The FDA has granted fast track designation IVS-3001 for use as a potential therapeutic option in patients with renal cell carcinoma.
The FDA has granted fast track designation IVS-3001 for use as a potential therapeutic option in patients with renal cell carcinoma (RCC), according to an announcement from Invectys, Inc.1
The decision is supported by findings from the investigational new drug application that had been submitted in December 2022 and was seeking the approval of a first-in-human, single-arm, open-label, phase 1/2 trial (NCT05672459) of the product.2,3
The key objectives of the research are to examine the safety, tolerability, pharmacokinetics, and early activity of the CAR T-cell therapy in patients with locally advanced unresectable or metastatic human leukocyte antigen A (HLA-G)–positive solid tumors who experienced failure with or who had been intolerant to standard treatment.
The effort, which is sponsored by The University of Texas MD Anderson Cancer Center, is being led by principal investigators Aung Naing, MD, professor of Investigational Cancer Therapeutics and Samer Srour, MD, assistant professor of Stem Cell Transplantation and Cellular Therapy, both of MD Anderson.2
“We are thrilled to receive the FDA’s fast track designation for IVS-3001,” Jake Kushner, MD, chief executive officer of Invectys, Inc., stated in a press release.1 “This recognition further validates the potential of our CAR T-cell therapy in revolutionizing cancer treatment for patients with solid tumors. The dedicated team at Invectys, as well as our partners, are committed to bringing this innovative therapy to the clinic and making a meaningful difference in the lives of [patients with] cancer.”
IVS-3001 is a third-generation CAR construct that permits anti–HLA-G CAR T cells to target and eliminate cells that express HLA-G.4 Preclinical data showed that the product can migrate to tumor sites and kill HLA-G–bearing cells in vivo. Specifically, mice who were treated with the CAR T-cell therapy exhibited almost total absence of tumor growth.
Notably, the product is not encumbered by immunosuppressive effects associated with the interaction of HLA-G and the ILT2 receptor. Moreover, because the CAR T cells target HLA-G, they disrupt the related immunosuppressive microenvironment created by the disease which allows for restored immune response. Because HLA-G is not expressed on healthy tissues, the incidence of on-target/off-tumor toxicities are hypothesized to be absent or limited.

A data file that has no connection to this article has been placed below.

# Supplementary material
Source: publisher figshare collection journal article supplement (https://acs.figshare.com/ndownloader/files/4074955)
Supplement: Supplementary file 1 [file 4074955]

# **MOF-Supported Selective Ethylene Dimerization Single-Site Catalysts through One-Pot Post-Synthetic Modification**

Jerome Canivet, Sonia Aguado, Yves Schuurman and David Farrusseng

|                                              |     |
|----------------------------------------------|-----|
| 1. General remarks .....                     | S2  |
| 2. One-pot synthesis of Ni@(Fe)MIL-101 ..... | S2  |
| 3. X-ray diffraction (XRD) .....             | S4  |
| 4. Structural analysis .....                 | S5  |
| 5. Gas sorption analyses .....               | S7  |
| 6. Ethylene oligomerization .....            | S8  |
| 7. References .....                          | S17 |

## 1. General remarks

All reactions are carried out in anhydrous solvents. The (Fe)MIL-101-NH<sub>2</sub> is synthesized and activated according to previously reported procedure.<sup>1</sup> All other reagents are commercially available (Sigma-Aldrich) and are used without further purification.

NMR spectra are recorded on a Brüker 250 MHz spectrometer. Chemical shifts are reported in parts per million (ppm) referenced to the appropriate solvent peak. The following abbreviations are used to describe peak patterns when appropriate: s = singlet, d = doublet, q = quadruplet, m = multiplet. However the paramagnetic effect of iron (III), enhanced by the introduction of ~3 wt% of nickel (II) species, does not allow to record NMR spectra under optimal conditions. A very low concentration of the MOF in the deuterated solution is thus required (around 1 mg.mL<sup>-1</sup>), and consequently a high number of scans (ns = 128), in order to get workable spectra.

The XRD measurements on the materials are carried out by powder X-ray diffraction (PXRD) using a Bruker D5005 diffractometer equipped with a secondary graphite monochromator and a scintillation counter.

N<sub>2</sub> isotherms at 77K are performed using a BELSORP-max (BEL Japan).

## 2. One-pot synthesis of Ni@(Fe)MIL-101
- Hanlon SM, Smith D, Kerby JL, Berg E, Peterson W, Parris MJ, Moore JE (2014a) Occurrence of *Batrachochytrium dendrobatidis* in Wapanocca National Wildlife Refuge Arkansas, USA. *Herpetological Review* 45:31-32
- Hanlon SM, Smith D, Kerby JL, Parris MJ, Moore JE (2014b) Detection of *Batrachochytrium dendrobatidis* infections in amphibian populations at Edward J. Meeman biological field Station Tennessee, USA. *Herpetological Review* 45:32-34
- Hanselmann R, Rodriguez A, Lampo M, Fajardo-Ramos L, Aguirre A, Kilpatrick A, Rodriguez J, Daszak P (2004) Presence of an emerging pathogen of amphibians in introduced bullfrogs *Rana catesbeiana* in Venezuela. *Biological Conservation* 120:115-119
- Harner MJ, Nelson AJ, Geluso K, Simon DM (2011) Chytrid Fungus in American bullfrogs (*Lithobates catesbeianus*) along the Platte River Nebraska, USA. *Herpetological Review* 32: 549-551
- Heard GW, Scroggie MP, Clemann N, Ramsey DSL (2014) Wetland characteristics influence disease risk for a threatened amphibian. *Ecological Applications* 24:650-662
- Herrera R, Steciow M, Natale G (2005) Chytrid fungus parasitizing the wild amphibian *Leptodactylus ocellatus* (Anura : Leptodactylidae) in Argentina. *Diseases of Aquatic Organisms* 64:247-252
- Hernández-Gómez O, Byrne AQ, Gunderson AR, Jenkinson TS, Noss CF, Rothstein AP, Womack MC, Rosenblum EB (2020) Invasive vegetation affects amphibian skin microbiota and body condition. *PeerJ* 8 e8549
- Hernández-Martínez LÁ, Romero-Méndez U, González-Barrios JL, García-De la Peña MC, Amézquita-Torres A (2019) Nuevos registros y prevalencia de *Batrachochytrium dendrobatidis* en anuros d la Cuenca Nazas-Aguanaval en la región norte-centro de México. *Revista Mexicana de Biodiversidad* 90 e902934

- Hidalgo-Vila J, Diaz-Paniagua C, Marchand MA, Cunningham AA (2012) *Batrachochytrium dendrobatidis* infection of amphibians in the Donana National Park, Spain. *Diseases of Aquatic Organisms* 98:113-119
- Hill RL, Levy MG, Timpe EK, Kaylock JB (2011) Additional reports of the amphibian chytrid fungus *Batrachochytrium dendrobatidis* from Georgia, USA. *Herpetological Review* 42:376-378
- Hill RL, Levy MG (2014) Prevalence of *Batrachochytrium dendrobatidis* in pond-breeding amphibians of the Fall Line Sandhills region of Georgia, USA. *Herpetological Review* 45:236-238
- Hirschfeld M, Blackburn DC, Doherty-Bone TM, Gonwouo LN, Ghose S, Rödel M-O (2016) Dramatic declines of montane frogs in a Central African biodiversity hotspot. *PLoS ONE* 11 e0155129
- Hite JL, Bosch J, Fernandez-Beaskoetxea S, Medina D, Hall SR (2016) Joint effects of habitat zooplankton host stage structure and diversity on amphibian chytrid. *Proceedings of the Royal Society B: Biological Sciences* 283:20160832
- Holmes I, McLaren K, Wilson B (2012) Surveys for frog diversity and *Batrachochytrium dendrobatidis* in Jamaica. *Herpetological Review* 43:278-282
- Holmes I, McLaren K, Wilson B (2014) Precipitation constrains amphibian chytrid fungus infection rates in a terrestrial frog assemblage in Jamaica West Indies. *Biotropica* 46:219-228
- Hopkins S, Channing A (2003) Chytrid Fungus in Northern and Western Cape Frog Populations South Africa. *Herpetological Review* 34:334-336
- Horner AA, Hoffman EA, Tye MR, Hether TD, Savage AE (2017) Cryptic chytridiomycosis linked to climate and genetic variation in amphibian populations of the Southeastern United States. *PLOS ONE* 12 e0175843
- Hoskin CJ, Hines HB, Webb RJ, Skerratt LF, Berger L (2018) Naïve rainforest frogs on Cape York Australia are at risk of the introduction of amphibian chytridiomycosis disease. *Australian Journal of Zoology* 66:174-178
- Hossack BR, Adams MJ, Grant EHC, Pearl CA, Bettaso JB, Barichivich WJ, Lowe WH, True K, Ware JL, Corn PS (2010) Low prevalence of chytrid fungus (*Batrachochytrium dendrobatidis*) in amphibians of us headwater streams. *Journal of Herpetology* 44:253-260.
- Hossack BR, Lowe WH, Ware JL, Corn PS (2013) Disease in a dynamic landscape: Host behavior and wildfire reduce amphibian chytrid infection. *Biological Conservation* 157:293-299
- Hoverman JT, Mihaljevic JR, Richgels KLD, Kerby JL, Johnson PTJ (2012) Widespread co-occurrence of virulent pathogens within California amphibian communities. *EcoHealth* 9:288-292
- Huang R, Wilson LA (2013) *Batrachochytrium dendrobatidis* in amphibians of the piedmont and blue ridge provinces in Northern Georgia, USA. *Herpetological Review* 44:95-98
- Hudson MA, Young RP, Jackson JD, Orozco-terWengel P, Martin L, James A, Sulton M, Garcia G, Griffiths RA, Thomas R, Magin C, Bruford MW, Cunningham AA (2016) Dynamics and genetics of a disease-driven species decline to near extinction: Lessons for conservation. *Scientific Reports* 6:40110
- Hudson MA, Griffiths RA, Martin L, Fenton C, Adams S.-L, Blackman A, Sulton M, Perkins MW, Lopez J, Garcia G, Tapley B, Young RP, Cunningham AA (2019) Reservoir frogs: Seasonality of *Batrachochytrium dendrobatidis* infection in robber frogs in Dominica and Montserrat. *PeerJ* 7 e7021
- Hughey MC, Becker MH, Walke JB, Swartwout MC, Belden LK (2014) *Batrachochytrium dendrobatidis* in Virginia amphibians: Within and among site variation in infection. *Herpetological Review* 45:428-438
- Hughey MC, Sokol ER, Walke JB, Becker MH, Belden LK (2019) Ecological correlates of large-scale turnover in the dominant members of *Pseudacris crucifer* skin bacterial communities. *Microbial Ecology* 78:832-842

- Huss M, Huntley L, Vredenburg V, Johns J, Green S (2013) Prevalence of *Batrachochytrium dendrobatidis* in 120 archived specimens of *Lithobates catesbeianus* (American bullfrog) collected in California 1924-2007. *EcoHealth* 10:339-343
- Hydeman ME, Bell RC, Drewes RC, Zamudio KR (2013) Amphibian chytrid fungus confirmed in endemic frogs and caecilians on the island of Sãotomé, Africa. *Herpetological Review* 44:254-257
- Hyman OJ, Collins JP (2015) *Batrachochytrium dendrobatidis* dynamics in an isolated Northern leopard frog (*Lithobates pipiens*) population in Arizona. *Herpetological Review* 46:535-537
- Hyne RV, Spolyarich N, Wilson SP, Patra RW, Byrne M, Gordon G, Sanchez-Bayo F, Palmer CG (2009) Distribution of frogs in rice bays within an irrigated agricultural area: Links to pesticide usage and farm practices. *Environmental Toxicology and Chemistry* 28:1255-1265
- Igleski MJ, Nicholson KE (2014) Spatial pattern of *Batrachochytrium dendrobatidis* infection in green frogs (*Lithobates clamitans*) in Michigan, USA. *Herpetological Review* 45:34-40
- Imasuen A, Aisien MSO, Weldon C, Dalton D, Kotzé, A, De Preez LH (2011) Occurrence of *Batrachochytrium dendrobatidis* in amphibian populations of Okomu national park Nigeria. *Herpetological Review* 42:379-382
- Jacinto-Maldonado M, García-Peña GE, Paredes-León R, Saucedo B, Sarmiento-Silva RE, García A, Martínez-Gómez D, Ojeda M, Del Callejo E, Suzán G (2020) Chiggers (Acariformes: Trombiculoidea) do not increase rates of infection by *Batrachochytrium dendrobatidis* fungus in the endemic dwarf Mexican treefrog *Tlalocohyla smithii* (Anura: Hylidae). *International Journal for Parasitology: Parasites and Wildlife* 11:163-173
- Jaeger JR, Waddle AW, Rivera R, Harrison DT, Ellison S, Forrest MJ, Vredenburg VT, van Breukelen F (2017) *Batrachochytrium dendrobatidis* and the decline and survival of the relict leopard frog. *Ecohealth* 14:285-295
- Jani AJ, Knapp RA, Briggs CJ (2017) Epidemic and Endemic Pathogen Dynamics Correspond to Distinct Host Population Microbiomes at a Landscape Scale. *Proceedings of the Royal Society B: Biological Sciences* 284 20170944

The early-phase trial is recruiting patients with histologically or pathologically confirmed, locally advanced unresectable or metastatic solid tumors that are HLA-G positive. Patients need to be at least 18 years of age and must have experienced failure with or intolerance to standard treatments known to induce clinical benefit.3 Patients also needed to have measurable disease by RECIST v1.1 criteria, a life expectancy of longer than 12 weeks, and acceptable organ function.
The phase 2a portion of the trial is comprised of 3 cohorts: those with clear cell RCC, HLA-G positivity, who experienced failure with or intolerance to checkpoint inhibition and a TKI (cohort 1); those with epithelial ovarian carcinoma who experienced failure with or intolerance to platinum-based chemotherapy, or if they have BRCA1/2-mutated disease, PARP inhibitor failure or intolerance (cohort 2); and those with other HLA-G–positive cancers who experienced failure with or intolerance to at least 1 previous line of therapy and for whom no standard therapy is available per the judgment of the treating physician.
Patients with symptomatic, untreated or progressing central nervous system (CNS) metastases were excluded, as were those with primary CNS tumors. Other exclusion criteria included having a history of or presence of clinically relevant CNS pathology, if they were still experiencing adverse effects from a previous therapy that had not resolved to grade 1 or less, or if they had autoimmune disease, chronic infection, or another disease in need of immunosuppressive treatment.
Patients underwent leukapheresis where they received cyclophosphamide and fludarabine. They also received a single injection of IVS-3001 at the recommended phase 2 dose that will be established in the dose-escalation portion of the research.
For the first portion of the research, the key objective is to identify the safety, tolerability, and RP2D of the CAR T-cell therapy in those with relapsed or refractory solid tumors and HLA-G positivity. For the second portion, investigators will examine the antitumor activity of the project in these patients.
Important secondary objectives include assessing the pharmacokinetic profile of IVS-3001 in the form of persistence and expansion, the clinical activity of the product in select cohorts, and evaluating long-term safety. Investigators will also evaluate the functionality and immune biomarkers associated with response to the agent.